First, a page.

The Orange County Fair Saturday July 23rd 

Our Yearly Visit To Fun, Education, and Food!

Off For A Quick Visit To The Fair 7/23/2011 (PageThree)

We got there at the opening and at 3:00 it was getting crowded so we headed for home! We have been going since 1988 so we didn't take a slew of pictures this trip... Only some of the more interesting shots.

First things first... Cinnamon buns and a cold iced coffee

Yummy ... It passes muster... We are good to go

Even the cow liked the smell of the buns

Time To Ride The Skyway

Up up we go...

Food everywhere

Not too many people this early...

Paul like the kiddy Ferris Wheel... Not too far up

Monster Trucks were great

Did You Know? - A monster truck is a pickup truck, typically styled after pickup trucks' bodies, modified or purposely built with extremely large wheels and suspension. They are used for competition and popular sports entertainment and in some cases they are featured alongside motocross races, mud bogging, tractor pulls and car-eating robots.

A monster truck show sometimes involves the truck crushing smaller vehicles beneath its huge tires. These trucks can run up and over most man-made barriers, so they are equipped with remote shut-off switches, called the Remote Ignition Interruptor (RII), to help prevent an accident if the driver loses control at any time. At some events, only one truck is on the course at a time, while most feature two drivers racing each other on symmetrical tracks, with the losing driver eliminated in single-elimination tournament fashion.

In recent years, many monster truck competitions have ended with a "freestyle" event. Somewhat akin to figure skating with giant trucks, drivers are free to select their own course around the track and its obstacles. Drivers will often try "donuts", wheelstands and jumps during this segment. Additional items for the drivers to crush, usually including a motor home, are frequently placed on the track specifically for the freestyle event. Other obstacles sometimes placed on the track include school buses and small airplanes.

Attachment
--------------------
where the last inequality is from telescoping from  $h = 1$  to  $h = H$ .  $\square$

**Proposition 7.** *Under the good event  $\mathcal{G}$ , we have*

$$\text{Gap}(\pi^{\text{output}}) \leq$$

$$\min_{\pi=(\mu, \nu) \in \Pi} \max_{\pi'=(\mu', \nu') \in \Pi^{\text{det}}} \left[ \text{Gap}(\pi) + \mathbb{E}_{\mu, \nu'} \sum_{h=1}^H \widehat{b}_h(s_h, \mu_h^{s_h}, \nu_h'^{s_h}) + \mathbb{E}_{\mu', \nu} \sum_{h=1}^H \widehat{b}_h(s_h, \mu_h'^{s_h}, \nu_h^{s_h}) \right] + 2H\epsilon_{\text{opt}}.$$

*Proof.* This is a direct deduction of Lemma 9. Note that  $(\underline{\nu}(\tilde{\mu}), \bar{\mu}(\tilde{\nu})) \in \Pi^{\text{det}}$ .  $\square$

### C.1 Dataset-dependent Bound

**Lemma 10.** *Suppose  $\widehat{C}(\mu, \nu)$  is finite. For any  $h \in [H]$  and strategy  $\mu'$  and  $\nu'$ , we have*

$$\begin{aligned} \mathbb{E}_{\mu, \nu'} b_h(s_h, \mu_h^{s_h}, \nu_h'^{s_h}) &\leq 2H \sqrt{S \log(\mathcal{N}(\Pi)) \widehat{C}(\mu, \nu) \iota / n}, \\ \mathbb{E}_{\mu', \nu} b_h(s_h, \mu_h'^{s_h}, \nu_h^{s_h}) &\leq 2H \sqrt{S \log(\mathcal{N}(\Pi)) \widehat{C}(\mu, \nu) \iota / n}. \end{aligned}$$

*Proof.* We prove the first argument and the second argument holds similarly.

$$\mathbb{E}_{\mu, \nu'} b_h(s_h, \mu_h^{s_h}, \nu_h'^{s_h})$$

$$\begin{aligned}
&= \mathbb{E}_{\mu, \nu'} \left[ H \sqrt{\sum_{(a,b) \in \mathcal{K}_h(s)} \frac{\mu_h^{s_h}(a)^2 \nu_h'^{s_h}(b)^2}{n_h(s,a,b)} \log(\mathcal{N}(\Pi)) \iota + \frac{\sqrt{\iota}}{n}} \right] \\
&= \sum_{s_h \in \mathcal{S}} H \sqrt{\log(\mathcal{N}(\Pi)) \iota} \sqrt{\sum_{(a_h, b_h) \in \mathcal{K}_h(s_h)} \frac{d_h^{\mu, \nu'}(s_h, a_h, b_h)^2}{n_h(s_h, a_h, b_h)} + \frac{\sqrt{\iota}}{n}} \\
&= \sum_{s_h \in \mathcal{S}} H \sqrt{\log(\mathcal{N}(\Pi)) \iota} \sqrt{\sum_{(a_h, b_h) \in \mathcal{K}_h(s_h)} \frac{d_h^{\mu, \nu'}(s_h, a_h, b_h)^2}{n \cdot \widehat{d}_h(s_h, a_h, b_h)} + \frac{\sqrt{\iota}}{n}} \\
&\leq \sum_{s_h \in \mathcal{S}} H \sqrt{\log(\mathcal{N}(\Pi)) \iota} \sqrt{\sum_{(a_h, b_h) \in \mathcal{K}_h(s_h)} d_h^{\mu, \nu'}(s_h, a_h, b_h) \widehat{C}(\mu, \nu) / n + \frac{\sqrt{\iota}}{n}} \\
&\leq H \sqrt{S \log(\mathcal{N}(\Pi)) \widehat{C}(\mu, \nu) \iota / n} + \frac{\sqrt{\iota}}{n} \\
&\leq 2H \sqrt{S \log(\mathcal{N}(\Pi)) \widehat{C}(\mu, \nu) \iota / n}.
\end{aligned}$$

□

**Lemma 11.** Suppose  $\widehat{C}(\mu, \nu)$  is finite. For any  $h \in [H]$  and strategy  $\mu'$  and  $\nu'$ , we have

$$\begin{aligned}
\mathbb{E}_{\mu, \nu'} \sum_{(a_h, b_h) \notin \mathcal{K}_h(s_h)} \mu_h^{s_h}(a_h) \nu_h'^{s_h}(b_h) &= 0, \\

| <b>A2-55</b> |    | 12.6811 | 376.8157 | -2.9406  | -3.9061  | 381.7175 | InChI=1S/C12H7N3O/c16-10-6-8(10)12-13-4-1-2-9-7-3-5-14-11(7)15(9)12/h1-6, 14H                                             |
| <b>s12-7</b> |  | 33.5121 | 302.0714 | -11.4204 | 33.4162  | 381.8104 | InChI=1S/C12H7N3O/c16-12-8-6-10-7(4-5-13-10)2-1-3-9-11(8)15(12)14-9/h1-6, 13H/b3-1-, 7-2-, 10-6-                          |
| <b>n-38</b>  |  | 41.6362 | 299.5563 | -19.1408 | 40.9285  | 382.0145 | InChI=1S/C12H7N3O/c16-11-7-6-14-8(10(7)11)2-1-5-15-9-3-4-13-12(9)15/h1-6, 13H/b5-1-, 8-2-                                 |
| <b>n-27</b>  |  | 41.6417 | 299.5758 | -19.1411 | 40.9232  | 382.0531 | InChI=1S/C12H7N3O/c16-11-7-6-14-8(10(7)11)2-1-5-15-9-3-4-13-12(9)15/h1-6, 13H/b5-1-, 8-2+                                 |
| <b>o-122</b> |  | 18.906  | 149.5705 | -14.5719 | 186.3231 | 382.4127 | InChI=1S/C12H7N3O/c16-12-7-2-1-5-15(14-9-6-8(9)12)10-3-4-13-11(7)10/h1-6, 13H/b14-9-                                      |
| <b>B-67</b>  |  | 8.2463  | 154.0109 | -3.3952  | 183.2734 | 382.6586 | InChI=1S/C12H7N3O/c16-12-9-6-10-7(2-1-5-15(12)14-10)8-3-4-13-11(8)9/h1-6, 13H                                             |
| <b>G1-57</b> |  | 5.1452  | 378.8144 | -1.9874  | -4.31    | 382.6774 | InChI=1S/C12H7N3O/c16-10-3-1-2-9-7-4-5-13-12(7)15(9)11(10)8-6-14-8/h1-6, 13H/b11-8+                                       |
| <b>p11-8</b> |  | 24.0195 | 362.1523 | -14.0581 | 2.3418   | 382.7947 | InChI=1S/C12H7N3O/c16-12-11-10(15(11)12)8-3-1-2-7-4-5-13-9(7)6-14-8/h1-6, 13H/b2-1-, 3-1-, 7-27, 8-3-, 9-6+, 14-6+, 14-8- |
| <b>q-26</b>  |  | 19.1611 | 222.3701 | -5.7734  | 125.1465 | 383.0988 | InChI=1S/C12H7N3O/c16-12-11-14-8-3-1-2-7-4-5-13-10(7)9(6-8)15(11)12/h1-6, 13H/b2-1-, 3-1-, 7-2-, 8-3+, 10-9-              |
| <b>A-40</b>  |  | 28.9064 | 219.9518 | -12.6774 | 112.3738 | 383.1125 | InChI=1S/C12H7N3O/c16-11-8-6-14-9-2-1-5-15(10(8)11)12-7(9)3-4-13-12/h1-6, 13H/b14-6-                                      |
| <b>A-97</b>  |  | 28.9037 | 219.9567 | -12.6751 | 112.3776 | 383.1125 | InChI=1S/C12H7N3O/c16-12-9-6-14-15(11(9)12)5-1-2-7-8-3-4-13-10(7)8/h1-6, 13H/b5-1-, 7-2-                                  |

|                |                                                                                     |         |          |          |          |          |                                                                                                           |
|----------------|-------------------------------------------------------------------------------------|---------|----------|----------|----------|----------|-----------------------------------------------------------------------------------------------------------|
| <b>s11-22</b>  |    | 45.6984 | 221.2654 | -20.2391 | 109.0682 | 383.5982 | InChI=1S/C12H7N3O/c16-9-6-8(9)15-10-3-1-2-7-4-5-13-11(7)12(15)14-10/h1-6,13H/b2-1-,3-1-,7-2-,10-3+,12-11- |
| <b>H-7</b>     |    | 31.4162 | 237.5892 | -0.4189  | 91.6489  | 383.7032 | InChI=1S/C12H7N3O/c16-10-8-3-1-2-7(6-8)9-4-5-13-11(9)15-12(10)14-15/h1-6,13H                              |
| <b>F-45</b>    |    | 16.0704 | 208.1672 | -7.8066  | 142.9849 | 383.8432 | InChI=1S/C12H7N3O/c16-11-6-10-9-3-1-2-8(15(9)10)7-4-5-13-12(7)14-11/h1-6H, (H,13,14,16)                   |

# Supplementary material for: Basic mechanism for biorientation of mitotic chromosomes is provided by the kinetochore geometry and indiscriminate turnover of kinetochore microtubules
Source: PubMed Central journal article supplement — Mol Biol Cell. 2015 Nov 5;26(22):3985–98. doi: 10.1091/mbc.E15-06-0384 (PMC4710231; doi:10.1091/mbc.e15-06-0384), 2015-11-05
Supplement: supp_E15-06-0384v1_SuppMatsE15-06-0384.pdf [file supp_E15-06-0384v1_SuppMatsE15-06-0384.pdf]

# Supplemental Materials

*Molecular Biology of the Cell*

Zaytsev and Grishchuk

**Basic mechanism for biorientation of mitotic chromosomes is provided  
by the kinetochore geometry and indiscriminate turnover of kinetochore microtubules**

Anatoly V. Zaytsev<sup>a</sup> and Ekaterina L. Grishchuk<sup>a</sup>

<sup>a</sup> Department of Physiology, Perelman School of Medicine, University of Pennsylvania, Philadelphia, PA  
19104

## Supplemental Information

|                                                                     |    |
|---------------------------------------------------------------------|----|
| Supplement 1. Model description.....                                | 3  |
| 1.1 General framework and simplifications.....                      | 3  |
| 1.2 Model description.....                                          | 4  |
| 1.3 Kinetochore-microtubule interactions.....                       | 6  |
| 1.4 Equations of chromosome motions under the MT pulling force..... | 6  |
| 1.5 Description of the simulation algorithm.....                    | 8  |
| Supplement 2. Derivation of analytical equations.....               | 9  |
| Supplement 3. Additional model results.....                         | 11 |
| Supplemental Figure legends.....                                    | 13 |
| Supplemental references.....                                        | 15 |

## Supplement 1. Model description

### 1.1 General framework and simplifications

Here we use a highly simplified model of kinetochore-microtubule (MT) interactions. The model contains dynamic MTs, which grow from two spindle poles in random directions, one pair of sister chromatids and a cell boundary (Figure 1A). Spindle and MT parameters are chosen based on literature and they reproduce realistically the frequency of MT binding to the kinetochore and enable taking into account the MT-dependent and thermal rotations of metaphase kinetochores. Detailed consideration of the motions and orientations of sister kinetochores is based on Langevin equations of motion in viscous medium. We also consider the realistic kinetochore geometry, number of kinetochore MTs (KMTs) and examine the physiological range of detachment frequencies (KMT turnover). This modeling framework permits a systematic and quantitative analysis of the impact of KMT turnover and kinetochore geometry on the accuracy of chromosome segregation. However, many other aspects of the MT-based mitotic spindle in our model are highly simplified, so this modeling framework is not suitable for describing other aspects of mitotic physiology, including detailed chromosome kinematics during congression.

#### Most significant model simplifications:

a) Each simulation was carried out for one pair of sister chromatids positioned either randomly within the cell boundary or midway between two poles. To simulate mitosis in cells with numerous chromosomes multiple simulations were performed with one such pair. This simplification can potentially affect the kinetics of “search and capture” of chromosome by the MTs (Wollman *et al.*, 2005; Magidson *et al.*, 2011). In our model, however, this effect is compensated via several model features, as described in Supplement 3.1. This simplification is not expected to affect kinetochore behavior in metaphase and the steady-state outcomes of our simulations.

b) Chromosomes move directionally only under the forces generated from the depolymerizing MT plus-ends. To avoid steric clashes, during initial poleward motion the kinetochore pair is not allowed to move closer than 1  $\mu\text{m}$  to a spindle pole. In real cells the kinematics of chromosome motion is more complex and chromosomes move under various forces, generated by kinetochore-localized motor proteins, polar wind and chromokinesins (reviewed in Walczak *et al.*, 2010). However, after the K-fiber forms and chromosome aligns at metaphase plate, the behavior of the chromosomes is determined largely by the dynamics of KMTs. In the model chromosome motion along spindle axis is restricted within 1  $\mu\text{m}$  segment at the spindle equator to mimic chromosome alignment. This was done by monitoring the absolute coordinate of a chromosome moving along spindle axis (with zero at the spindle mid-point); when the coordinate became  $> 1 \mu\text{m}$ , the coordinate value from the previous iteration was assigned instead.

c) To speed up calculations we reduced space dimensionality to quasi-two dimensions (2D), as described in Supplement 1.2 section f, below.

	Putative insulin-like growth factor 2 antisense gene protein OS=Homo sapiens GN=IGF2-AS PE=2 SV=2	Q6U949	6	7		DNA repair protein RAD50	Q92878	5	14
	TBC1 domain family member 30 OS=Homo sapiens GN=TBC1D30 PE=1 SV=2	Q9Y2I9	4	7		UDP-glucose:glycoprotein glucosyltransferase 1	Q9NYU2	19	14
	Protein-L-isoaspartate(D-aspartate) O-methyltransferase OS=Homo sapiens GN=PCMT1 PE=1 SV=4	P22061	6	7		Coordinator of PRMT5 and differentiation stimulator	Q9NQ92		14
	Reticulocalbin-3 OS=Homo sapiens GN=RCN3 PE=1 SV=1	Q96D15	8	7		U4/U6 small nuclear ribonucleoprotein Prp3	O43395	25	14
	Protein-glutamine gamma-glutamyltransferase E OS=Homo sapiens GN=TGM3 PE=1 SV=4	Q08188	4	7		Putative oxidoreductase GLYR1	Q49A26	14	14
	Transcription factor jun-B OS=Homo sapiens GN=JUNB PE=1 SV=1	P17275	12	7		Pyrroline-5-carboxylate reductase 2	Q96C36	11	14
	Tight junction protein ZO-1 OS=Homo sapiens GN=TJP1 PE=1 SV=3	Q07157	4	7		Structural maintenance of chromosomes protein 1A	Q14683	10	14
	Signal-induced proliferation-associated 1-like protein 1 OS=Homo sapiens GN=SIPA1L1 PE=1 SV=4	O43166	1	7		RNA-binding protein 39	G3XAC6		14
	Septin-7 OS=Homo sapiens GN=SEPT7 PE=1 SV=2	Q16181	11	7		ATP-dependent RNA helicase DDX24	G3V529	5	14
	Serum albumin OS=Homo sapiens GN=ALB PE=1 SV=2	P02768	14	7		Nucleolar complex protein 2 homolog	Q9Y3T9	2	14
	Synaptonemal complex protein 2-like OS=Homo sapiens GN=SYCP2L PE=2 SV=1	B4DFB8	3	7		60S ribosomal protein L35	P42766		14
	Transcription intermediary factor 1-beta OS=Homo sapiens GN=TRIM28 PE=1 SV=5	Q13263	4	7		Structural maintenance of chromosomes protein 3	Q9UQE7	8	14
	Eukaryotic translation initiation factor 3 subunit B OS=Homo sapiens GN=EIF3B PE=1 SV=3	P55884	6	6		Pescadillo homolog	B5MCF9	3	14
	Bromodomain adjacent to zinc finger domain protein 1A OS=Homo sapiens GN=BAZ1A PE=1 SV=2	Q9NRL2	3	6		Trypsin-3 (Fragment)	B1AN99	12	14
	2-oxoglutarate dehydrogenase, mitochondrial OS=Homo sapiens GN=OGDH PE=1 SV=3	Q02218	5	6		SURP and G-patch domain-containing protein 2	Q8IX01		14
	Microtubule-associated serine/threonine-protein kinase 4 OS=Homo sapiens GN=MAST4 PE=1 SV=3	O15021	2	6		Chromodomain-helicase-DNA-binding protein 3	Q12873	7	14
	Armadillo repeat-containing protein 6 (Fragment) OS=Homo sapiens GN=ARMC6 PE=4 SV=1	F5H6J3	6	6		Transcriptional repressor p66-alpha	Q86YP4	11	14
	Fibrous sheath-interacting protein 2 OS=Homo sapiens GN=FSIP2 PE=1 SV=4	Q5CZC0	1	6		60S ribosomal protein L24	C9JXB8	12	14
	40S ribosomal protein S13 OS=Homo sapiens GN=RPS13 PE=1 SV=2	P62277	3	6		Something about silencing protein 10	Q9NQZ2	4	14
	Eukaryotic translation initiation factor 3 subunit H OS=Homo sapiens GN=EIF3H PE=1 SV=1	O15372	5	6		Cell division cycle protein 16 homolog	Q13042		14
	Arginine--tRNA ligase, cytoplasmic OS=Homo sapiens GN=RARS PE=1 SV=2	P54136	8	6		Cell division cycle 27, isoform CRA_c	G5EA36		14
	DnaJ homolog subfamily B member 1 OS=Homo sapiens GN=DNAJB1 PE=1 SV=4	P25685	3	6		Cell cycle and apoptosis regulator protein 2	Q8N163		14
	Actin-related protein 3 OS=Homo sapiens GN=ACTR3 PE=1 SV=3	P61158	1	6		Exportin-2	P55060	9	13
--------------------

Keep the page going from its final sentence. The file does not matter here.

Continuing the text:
Pirates are not all bad

We Had To Visit The Infirmary

During WWII this as the base infirmary

The Queens had great costumes... Like everything else... The womens movement killed another good thing


Fair food... Yum

They will try and fry anything

Flowers & Collections Next

USS Indianapolis memories

Centennial Farms Here We Come

The cute chick pets the little yellow chick

There is a sheep in this pile of hair... See it?


Did You Know? - An antioxidant is a molecule capable of inhibiting the oxidation of other molecules. Oxidation is a chemical reaction that transfers electrons from a substance to an oxidizing agent. Oxidation reactions can produce free radicals. In turn, these radicals can start chain reactions. When the chain reaction occurs in a cell, it can cause damage or death. When the chain reaction occurs in a purified monomer, it produces a polymer resin, such as a plastic, a synthetic fiber, or an oil paint film. Antioxidants terminate these chain reactions by removing free radical intermediates, and inhibit other oxidation reactions. They do this by being oxidized themselves, so antioxidants are often reducing agents such as thiols, ascorbic acid or polyphenols.

Is it Halloween yet???

Magnificent flowers

Ah... Bonsi

We have to try this and see....